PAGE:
Start saving/investing early in life and be consistent (save with every paycheck). Taking advantage of a matching 401k plan should be a no brainer. The power of compounding is lost on many people. Also maxing out contributions when possible, eliminating debt, avoiding risks with your nest egg, planning for multiple streams of income once retired (social security, pensions, dividends, part time work, etc.) and making catch up contributions once you reach 50 should all be part of everyone's plan. And work at staying healthy to reduce illness, injuries and medical costs. I recently found the site Retirement And Good Living which provides information on all these issues as well as many other retirement topics and also has several retirement and health calculators.

Guest's picture

As soon as my kids get jobs in their teen years, I plan to open a Roth IRA for them. It's never too early to start!

We shared this post on 1099 Mom.

Guest's picture

I had the same thought, but you'd be surprised at how unwilling most institutions are to open custodial IRAs. In the end my daughter had to wait until she turned 18, but she contributes to a Roth IRA every month, and while it isn't much now with 50 years of compounding it should make the little sacrifice well worthwhile.

Guest's picture

I don't think this is a really realistic goal for those of us who didn't start working at age 22. Lets take another (probably more common) situation.... You are 26 when you get your first job after graduate school and you owe $100k in student loans (usually means about $1k for monthly payments). Should we mention that although, yes, theoretically you will be likely more than some of your counterparties that did not go to graduate school - you have student loans AND you pay more taxes.... It wouldn't even be possible for me to save about 30% or even 25% of my salary... I don't own a car, I don't take fancy vacations, I cook almost every meal....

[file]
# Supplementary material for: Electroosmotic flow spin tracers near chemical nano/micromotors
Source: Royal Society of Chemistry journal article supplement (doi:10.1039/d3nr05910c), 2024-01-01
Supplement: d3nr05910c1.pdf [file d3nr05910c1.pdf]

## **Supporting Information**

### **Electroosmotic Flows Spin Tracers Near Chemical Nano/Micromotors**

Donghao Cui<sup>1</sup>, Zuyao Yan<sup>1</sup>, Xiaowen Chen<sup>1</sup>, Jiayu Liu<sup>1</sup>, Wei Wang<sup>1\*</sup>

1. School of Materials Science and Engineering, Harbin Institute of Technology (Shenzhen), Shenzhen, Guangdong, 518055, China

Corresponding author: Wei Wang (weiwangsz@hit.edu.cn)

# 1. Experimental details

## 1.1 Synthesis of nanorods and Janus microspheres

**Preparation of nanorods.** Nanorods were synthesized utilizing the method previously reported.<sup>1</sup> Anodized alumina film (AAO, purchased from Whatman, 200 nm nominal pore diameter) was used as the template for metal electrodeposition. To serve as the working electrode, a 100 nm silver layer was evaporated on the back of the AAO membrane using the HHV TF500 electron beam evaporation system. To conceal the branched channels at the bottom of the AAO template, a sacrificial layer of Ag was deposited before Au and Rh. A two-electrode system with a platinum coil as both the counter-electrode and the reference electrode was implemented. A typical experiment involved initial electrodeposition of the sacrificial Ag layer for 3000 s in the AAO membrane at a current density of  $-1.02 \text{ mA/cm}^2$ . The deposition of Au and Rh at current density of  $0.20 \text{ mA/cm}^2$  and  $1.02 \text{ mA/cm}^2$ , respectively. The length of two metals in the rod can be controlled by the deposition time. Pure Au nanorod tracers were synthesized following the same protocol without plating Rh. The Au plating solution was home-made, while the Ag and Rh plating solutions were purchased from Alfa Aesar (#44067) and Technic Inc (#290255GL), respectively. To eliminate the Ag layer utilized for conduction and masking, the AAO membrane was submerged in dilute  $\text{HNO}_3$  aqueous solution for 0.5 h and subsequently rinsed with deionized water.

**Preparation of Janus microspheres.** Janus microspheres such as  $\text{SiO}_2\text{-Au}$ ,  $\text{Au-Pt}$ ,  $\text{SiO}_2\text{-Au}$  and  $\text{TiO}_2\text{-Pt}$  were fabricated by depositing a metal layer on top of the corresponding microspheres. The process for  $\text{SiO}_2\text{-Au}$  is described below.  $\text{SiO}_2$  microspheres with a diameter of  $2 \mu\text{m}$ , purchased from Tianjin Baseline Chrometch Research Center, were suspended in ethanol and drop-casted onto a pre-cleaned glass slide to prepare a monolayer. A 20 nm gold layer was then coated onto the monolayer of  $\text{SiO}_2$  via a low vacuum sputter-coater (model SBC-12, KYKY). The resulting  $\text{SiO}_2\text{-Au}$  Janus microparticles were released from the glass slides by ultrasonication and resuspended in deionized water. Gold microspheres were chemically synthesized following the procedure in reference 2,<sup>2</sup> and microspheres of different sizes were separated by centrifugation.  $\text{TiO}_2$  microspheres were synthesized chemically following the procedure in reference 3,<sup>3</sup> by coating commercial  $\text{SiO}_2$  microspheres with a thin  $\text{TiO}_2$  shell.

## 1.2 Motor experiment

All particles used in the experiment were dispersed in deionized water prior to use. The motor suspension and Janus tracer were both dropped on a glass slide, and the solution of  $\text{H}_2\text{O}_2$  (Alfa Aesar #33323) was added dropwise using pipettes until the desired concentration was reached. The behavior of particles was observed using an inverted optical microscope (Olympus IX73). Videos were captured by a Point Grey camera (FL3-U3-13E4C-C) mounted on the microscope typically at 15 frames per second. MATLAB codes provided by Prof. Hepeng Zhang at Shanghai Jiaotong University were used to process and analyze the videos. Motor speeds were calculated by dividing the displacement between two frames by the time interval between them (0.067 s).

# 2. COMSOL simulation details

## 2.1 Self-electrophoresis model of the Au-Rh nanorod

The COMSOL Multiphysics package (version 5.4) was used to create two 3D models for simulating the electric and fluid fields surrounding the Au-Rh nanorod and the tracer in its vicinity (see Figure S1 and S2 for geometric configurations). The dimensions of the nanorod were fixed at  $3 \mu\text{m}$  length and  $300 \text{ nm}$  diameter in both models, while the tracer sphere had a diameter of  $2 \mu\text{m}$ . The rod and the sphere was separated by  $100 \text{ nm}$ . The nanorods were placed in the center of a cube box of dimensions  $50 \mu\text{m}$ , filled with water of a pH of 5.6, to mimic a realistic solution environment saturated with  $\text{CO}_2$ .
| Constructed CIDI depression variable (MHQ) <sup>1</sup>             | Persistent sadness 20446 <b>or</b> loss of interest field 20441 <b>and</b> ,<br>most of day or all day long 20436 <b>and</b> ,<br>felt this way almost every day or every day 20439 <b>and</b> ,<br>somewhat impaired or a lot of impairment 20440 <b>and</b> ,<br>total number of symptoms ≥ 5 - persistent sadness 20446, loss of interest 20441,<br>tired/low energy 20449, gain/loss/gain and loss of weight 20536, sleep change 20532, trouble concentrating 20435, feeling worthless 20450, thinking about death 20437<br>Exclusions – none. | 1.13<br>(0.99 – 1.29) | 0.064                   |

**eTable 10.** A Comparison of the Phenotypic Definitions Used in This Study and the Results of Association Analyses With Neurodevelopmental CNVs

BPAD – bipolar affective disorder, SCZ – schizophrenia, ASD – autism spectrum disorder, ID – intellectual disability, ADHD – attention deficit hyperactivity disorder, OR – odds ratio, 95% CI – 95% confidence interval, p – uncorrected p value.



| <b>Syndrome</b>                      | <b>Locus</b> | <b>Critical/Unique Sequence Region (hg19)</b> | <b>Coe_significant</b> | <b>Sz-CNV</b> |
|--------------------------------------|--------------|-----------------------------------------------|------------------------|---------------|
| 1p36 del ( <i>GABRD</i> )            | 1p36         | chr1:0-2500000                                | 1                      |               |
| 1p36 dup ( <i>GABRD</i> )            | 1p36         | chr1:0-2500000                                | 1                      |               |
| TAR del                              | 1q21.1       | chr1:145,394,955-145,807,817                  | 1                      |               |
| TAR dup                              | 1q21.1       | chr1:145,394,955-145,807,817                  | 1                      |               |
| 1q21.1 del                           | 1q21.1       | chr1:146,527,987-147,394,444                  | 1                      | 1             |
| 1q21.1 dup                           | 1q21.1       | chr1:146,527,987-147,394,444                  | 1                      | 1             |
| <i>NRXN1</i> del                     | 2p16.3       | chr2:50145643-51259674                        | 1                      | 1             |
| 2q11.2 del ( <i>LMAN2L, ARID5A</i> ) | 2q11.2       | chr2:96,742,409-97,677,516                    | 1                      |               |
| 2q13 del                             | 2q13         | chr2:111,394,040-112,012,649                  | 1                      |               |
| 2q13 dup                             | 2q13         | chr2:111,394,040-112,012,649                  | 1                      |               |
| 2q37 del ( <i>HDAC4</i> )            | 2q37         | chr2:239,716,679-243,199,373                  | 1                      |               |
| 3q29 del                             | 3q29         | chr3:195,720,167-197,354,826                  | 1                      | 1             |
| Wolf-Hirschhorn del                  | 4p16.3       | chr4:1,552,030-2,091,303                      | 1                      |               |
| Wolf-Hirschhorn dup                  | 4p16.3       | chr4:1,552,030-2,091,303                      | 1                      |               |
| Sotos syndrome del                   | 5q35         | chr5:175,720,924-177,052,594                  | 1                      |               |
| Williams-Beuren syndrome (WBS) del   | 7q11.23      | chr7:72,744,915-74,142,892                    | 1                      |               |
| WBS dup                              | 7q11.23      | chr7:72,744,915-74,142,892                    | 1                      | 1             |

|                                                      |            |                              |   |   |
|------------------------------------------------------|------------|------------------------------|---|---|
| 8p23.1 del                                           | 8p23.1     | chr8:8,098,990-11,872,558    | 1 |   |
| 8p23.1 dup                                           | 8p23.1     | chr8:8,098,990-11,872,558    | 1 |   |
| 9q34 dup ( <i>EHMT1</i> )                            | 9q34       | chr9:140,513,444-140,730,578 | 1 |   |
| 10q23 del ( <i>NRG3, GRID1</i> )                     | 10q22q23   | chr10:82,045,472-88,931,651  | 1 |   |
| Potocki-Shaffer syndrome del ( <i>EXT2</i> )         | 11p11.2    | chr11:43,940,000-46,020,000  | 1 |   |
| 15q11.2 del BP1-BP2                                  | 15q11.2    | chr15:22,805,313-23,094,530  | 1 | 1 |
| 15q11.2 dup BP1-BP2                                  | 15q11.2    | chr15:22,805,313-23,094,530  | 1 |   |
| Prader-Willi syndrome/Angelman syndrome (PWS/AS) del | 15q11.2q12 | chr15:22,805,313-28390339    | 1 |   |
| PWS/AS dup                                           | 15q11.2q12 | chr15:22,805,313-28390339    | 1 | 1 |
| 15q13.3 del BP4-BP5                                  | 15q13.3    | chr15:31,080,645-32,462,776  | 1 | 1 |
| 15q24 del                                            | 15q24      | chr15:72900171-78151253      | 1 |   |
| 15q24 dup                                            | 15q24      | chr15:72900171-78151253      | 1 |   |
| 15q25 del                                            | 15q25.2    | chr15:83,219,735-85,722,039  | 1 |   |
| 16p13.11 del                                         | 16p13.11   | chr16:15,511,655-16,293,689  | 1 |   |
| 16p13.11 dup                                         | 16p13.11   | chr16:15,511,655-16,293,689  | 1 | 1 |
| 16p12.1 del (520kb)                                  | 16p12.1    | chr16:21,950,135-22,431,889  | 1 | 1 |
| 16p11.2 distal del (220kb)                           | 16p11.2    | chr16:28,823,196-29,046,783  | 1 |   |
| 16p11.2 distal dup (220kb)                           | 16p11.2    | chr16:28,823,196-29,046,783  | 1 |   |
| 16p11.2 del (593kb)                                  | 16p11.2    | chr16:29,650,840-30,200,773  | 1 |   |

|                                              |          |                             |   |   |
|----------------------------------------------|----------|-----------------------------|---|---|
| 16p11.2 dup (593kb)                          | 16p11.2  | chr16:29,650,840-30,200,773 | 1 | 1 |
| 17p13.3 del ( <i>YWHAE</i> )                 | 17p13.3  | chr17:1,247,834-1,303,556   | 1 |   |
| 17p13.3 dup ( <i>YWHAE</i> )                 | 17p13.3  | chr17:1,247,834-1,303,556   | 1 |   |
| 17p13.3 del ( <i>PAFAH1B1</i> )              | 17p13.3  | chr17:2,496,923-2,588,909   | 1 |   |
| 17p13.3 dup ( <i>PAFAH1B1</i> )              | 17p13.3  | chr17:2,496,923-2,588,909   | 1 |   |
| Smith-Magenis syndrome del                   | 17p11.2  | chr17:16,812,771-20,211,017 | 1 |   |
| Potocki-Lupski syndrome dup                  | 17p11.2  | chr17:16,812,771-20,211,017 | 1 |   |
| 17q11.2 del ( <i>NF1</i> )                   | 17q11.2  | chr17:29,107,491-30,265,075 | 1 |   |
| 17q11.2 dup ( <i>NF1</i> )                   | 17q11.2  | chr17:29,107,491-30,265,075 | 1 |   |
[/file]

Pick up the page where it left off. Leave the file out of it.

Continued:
I think that some of these authors put so much pressure on you to be saving THIRTY PERCENT. that is insane. so basically, you work hard to get a good paying job in which, even though it is good paying, you have to save SO HARD that you cannot even enjoy your life.... Pretty Skewed system.

Might I also add the elephant - those recommending us to save 30% are also the ones that make money when we save money (the management fees thing)....

Guest's picture
Leslie Van Zee

These guideposts come from a study done by Fidelity back in 2012, and are based on a lot of assumptions that are important to note:
- The end goal was to have enough saved to be able to replace 85% of your income once you enter retirement, INCLUDING social security
- Retirement age of 67
- Saving 6% of salary beginning at age 25 and increasing 1% each year to eventually 12% deferrals
- 3% annual employer contribution
- No breaks in service or contributions, no loans and no withdrawals
- 5.5% annual rate of return on investments
- 1.5% annual salary increase
- Life expectancy of 92 (ie, retirement lasts 25 years).

So, like any other rules of thumb, your mileage may vary.

Guest's picture

Hi, I am 31.5 yrs old. I don't have any children at the moment and may not get any until 35. I earn $4,000 per month from my job and my stocks provide me about $450 per month in dividends. My expenses normally are in the range of $1,600 -$1,800 per month. Recently paid off all my debts. I have $45,000 in a retirement account and stocks worth $205,000 in an index fund. How am I doing compared to others in my age group & income level? Please advise.